In Thailand, there are two varieties of rambutan, a fruit with a thick and hairy outer skin. “Ngoh Rong Rian” has sweet, succulent flesh that clings to the seed, while the oval-shaped Si Chompoo, the “pink” rambutan, has crisp, white flesh that comes off the seed easily.
Rambutan orchards are commonly found in Chanthaburi and the provinces of the South. (Read More…)
There are two distinct varieties of pineapple grown in Thailand. An extremely sweet and succulent pineapple with softer lemon-yellow pulp called the Siracha pineapple and a crunchy pineapple with a delicate sweet taste. A pinch of salt is often rubbed into freshly cut pineapple to offset its bite.
The Siracha and Phuket pineapples flourish in the South in the provinces of Surat Thani and Hua Hin. A new variety of miniature Phuket pineapples are now grown at The Royal Project experimental agricultural stations in northern Thailand.
Thailand is one of Southeast Asia’s largest producer and exporter of pineapples in the form of canned pineapple and juice. Excess pineapple is also sun-dried, and processed into jams, chewy toffee and candy.
As fragrant pineapple adds natural sweetness and contributes to the harmony of flavours that is the distinctive quality of Thai cuisine, it is commonly used as a flavouring or garnish in savoury dishes, for example, pineapple curries such as Kaeng Sapparote, Saow Nam or Khao Ob Sapparote – Rice Baked in Pineapple. (Read More…)
Papaya grows all over Thailand and is available all year round but ideal conditions in the provinces of Southwest Thailand namely Chumphon, Ratchaburi and Prachuab Khiri Khan, it is cultivated on a large scale as an economic crop.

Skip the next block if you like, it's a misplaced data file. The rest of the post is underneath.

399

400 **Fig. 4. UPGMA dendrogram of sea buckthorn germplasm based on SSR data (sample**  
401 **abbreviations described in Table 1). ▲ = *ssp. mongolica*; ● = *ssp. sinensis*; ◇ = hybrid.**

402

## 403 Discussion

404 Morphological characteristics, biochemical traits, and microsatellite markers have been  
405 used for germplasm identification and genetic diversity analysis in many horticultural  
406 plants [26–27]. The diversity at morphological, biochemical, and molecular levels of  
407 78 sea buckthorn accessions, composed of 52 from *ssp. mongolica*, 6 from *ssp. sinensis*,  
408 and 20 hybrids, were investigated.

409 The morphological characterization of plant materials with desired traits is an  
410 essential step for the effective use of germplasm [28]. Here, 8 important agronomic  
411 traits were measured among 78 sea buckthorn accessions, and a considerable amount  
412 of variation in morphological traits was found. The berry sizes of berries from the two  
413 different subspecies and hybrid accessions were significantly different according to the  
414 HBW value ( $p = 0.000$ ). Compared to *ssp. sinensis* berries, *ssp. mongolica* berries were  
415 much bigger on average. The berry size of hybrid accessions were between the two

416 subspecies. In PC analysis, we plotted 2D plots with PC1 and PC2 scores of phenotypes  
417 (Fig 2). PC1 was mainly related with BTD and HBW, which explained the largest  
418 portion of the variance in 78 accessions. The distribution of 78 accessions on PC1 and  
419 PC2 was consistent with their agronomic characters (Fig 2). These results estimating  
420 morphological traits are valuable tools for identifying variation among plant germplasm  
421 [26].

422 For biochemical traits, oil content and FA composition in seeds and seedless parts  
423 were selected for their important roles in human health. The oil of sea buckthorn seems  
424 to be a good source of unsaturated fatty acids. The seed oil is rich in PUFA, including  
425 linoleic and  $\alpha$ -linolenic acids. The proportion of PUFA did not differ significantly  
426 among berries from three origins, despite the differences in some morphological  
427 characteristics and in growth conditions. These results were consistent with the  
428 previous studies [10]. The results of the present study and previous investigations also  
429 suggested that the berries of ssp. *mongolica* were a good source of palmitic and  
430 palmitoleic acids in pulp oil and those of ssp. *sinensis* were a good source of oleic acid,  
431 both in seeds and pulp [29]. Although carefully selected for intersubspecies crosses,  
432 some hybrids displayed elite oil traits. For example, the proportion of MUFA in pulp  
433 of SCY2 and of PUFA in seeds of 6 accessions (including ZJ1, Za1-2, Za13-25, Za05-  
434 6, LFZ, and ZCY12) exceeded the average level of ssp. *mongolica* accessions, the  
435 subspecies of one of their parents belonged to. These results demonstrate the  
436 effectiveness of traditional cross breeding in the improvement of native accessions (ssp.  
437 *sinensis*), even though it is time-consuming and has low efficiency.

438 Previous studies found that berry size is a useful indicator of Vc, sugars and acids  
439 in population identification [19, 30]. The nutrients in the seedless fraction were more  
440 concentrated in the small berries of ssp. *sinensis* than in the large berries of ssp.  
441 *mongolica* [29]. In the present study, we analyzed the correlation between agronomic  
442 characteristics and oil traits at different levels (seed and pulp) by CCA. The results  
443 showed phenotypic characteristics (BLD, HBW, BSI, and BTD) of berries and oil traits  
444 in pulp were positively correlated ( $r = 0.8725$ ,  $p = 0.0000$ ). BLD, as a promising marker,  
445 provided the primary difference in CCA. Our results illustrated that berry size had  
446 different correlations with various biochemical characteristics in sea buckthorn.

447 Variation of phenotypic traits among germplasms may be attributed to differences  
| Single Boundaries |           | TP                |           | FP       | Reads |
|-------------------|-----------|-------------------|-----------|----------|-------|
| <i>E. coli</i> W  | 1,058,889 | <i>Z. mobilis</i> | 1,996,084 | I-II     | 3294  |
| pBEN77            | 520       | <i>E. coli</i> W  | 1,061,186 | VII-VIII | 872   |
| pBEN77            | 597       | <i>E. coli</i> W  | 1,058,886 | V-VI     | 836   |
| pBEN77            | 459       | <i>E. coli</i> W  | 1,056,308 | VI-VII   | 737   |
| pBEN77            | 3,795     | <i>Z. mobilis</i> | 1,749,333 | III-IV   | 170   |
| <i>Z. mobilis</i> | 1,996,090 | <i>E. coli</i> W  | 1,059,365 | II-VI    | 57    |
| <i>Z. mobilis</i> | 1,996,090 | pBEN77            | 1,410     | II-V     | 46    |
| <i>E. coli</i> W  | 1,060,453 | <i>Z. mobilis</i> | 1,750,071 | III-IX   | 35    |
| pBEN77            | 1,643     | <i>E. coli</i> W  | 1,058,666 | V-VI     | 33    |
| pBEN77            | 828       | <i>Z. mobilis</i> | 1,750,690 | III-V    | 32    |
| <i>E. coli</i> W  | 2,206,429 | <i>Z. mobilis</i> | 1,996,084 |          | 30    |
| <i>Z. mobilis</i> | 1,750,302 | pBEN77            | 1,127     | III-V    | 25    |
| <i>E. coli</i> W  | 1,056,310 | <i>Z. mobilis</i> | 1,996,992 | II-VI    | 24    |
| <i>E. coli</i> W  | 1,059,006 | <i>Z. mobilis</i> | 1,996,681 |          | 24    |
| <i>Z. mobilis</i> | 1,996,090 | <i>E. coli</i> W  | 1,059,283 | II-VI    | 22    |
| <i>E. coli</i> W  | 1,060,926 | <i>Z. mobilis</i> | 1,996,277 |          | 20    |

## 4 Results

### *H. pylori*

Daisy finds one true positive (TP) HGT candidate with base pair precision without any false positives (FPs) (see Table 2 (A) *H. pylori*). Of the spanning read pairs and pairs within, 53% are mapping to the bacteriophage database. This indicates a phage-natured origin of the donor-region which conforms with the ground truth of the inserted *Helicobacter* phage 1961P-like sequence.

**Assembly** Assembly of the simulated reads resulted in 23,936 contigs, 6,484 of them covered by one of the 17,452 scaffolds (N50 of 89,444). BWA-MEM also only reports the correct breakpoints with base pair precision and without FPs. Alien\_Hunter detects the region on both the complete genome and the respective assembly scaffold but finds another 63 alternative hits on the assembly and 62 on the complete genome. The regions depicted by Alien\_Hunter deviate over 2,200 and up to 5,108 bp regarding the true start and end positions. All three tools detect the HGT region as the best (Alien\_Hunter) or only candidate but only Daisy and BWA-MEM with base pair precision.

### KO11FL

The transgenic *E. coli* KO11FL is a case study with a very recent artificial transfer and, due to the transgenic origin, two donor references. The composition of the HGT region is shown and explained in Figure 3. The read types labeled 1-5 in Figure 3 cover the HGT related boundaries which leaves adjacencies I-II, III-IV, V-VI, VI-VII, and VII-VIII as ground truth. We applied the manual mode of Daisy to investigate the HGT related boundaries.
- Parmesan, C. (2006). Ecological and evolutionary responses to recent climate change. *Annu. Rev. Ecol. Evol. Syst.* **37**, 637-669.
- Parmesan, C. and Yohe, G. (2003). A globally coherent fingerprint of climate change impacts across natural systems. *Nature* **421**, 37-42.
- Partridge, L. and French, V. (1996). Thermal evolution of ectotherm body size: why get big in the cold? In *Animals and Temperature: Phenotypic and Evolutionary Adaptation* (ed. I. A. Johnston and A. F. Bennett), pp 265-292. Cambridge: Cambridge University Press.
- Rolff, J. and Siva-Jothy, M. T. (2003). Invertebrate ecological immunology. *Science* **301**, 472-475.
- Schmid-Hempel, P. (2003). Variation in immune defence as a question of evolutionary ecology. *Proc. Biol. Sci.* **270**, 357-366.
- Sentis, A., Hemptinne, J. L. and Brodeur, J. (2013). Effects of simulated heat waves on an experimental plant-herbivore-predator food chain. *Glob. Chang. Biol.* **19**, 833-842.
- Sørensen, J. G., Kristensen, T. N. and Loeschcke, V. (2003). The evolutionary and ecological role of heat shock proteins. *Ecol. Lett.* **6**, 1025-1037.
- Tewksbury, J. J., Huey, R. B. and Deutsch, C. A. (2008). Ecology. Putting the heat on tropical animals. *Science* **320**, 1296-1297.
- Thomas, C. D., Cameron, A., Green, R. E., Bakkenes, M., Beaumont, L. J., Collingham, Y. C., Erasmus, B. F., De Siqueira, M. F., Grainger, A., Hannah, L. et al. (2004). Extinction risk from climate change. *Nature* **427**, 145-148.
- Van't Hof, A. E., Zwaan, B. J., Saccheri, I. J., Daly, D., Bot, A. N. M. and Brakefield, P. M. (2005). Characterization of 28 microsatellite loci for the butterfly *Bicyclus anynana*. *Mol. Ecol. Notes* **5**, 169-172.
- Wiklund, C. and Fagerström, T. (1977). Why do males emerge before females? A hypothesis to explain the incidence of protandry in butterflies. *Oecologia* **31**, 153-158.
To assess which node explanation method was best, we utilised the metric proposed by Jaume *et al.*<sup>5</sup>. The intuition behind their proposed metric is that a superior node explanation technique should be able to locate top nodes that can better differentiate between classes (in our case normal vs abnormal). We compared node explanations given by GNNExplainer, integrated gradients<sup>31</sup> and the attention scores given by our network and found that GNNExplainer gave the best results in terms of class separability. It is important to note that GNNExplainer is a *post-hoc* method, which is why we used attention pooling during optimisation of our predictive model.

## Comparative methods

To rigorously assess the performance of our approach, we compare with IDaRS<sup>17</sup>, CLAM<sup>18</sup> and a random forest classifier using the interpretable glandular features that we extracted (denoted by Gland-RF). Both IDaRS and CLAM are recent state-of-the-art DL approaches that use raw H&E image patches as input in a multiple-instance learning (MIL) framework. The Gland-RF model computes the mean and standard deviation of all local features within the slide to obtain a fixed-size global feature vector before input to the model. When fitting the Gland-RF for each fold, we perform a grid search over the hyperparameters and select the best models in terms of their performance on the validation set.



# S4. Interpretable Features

It is widely consumed as fresh fruit but is also featured in Thai cuisine in dishes such as the Papaya Salad – Som Tam, a light curry without coconut milk called Kaeng Som, or boiled and served with nam prik, a chilli dip. (Read More…)
Considered to be the “Queen of Tropical Fruits”, there are five or six small segments of white flesh contained within the hard, dark reddish purple outer shell. When ripe, the outer shell yields to slight pressure and cracks easily to reveal the soft, white flesh with a refreshing sweet and tangy taste.
To avoid crushing the delicate flesh within, it is best to make a continuous clean cut around the circumference by turning the mangosteen clockwise or counter-clockwise through the dark beetroot-coloured pith but without cutting through the flesh. (Read More…)
Prime grade fresh lychees are large in size with a thicker bright red skin. Lychees with thick, succulent flesh surrounding a relatively small seed, such as in the “Hong Huai” and “Chakrapat” (Emperor lychees), are considered to be the best quality. These are predominantly sweet. However for those who prefer flavourful lychees with a sharper taste, look out for oval-shaped lychees with brittle skin. These are sweet and slightly sour.
There is tremendous worldwide demand for this exotic dessert fruit and Thai lychees are one of Thailand’s leading economic crops ranking high on the list of top exports shipped to all corners of the globe in a variety of forms – fresh, dried, frozen, and canned, as well as lychee juice or wine. Lychees are primarily grown in the Central Plains and in Northern Thailand. (Read More…)